At this time of year one inures oneself to the onslaught of holiday concerts—rather too much of a good thing. What a relief, then, to know that there is still much high-quality music-making of other types going on. This measure of relief befell a grateful and substantial audience in Ashmont, Dorchester, on December 9th, when Ashmont Hill Chamber Music presented Gabriela Diaz, violin; Jan Müller-Szeraws, cello; and Rachel Goodwin, piano; at Peabody Hall of All Saints Church, in a program of Sibelius, Schulhoff, Schumann and Beethoven.
Diaz and Goodwin began with two little pieces by Sibelius, the Rondino, no. 2 of the Five Pieces for Violin and Piano, op. 81, and the Romance, also a second number, this from the Four Pieces, op. 78. In the spirit, perhaps, of eating dessert first, these two slight items might be best suited as encore works, and the suites from which they were extracted probably among the things Sibelius churned out when (as often) in need of money. They are, nevertheless, charming and clearly in Sibelius’s characteristic voice. Diaz, a consummate professional, did not simply toss them off, but gave them a rich and elegant turn, the Rondino light but lusty, the Romance with high eloquence and warm vibrato, and judiciously subdued portamento. Goodwin provided solid, unobtrusive support.
The next item was far more substantial, this being the Duo for Violin and Cello, a 1925 work by Erwin Schulhoff. The tragedy of Schulhoff’s demise in a Nazi concentration camp should not be read backwards to color his earlier work. He wrote his duo when he was 31 and newly returned to Prague; it shows the influence, among others, of Janácek, and is a remarkable work in a style one might call “dissonant modality with hints of folk influence overlaid with chromaticism.” Schulhoff was not aligned with the 1920s avant-garde, but was definitely aware of current thinking. The writing for the strings is masterful, both in terms of technique (plenty of harmonics and left-hand pizzicato) and counterpoint. The opening movement, whose theme also forms the basis for the finale, is sober and contrapuntal; the scherzo is a gruff gypsified dance, and the slow movement is riveting in its shifting instrumental colors and balance. Diaz and Müller-Szeraws were flawless in their negotiation of the work’s technical and expressive intricacies, and were so well integrated as a team that they might have constituted a single extended instrument. Müller-Szeraws impressed with his tight spiccato in the scherzo. These players made as good a case for this superb and relatively unfamiliar work as one can imagine possible.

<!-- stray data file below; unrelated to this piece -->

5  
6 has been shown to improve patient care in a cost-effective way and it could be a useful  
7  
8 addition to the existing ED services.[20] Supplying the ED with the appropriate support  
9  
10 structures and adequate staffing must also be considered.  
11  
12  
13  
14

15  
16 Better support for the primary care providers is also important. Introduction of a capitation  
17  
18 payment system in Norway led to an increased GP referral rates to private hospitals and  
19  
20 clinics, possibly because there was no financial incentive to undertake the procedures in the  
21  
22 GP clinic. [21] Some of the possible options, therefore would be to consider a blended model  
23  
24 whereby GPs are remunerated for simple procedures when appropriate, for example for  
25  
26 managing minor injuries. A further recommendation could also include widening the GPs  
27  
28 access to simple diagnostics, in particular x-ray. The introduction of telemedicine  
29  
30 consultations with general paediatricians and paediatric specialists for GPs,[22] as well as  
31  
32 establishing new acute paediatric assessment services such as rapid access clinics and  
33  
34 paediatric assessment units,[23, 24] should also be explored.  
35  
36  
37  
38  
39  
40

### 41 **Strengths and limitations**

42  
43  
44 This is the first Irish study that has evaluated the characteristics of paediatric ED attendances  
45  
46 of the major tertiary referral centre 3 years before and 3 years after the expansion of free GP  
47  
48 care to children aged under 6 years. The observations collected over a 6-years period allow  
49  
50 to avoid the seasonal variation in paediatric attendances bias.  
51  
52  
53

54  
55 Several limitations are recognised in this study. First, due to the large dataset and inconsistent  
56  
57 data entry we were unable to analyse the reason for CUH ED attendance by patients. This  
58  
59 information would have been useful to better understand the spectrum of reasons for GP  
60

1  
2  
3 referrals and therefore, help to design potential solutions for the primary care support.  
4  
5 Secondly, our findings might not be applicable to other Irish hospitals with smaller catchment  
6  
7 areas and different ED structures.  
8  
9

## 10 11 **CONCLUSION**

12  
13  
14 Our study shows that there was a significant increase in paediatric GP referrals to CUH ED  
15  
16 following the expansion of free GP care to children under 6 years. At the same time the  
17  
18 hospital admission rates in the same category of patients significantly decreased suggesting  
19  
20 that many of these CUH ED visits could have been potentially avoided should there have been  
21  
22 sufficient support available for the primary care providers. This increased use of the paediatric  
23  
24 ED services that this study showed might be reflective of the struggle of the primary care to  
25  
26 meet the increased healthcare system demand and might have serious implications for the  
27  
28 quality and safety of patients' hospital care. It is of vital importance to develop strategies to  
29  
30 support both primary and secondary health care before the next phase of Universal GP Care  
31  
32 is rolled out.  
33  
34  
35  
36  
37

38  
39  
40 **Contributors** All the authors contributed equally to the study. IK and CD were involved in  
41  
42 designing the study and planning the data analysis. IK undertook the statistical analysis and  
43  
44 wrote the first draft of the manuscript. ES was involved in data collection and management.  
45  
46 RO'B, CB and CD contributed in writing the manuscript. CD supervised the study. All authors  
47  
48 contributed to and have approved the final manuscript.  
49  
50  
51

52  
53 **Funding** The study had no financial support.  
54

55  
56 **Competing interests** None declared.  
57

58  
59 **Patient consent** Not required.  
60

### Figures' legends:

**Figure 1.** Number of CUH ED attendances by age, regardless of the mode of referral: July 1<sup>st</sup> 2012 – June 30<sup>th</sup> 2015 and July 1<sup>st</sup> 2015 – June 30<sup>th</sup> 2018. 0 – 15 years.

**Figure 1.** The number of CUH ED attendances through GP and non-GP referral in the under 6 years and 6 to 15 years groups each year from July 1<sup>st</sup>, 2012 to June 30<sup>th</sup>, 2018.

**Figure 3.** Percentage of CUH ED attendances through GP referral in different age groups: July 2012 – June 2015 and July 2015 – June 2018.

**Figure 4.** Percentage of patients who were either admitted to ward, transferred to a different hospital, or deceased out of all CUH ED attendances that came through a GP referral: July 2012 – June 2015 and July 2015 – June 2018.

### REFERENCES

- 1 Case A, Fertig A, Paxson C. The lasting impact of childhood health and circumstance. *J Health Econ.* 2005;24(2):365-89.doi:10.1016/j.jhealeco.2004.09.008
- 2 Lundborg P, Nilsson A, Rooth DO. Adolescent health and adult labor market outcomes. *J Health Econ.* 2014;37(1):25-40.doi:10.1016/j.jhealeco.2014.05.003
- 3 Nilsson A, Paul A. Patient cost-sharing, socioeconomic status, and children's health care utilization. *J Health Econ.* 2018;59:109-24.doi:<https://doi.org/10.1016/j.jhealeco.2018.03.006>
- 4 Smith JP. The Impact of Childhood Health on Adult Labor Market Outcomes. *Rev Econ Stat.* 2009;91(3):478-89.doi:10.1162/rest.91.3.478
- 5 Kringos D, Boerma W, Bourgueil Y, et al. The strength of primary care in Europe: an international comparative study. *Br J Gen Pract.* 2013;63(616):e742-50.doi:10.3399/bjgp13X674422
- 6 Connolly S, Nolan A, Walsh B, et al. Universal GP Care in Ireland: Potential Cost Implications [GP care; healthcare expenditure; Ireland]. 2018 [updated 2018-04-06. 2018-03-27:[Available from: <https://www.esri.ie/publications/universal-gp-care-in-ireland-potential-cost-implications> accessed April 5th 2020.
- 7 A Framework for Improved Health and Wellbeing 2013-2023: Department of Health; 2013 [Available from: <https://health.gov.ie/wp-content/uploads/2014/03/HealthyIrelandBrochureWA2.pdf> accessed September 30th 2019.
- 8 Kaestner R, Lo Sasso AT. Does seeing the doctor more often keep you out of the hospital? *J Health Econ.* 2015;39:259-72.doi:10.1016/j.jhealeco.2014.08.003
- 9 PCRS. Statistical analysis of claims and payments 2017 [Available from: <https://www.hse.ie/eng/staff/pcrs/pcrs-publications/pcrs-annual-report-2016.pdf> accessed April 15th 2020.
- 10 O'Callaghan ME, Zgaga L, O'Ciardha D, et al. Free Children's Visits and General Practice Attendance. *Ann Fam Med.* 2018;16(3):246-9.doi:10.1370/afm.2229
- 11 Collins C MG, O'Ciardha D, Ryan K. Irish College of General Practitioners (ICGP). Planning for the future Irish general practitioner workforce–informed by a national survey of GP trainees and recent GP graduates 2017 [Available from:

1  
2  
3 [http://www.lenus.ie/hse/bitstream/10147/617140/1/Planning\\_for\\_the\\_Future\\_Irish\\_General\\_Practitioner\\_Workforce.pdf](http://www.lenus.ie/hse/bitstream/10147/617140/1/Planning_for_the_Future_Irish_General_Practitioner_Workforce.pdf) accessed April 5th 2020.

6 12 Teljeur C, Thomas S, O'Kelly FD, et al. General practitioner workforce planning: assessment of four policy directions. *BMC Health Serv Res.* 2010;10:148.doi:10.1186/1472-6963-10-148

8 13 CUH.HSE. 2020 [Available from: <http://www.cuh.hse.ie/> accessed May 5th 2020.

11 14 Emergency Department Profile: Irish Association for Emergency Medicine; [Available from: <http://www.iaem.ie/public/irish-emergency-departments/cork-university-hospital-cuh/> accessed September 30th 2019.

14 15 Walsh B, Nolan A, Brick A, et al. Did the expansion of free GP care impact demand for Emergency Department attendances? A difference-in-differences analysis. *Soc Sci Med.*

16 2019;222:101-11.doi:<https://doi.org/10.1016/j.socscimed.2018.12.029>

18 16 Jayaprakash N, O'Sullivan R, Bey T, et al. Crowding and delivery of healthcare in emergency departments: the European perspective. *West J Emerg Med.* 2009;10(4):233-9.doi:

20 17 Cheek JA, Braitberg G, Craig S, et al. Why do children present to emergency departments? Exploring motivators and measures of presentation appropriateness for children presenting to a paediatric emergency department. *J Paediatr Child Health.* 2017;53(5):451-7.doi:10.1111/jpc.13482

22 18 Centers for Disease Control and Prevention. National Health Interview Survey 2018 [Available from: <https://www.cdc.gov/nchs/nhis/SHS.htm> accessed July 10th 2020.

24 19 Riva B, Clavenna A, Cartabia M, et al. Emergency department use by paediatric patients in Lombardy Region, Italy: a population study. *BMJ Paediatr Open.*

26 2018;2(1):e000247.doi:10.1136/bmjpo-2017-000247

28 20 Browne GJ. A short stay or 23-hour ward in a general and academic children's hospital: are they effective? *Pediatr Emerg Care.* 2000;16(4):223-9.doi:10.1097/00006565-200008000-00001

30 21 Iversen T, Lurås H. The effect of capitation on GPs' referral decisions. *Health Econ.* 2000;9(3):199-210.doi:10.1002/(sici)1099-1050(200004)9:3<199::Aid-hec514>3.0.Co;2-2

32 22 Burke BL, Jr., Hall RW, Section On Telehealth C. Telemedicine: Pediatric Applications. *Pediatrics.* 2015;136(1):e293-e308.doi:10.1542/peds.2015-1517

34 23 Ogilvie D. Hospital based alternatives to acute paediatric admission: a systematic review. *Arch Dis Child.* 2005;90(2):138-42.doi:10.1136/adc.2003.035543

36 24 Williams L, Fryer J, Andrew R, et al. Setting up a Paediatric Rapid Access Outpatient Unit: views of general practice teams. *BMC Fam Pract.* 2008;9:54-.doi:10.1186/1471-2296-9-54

The first half of the program ended with Müller-Szeraws and Goodwin in Schumann’s Five Pieces in Folk Style, op. 102. Much favored by cellists, these pieces are deceptively simple-sounding but contain ingenious rhythmic irregularities and complexities. The opening movement, Mit Humor, tries to persuade us that the players are not together, while it’s just that the cello’s melody keeps overreaching the bar lines, while the piano thumps out the “official” downbeat. This and many of the other tricks Schumann uses to spice up these pieces are very well recounted in the excellent program notes for the piece by David Ferris, as indeed all the works were well discussed by various annotators. We mention this because of reports we got that some audience members had deprecated the notes for being “overly technical” (though they also went into the historical, cultural and personal contexts of all the pieces on the program). Lest AHCM pay much heed to this grousing, let us cast a vote in favor of the generously informative style of its program annotations. The organization should, as some others do, post the notes on its web site.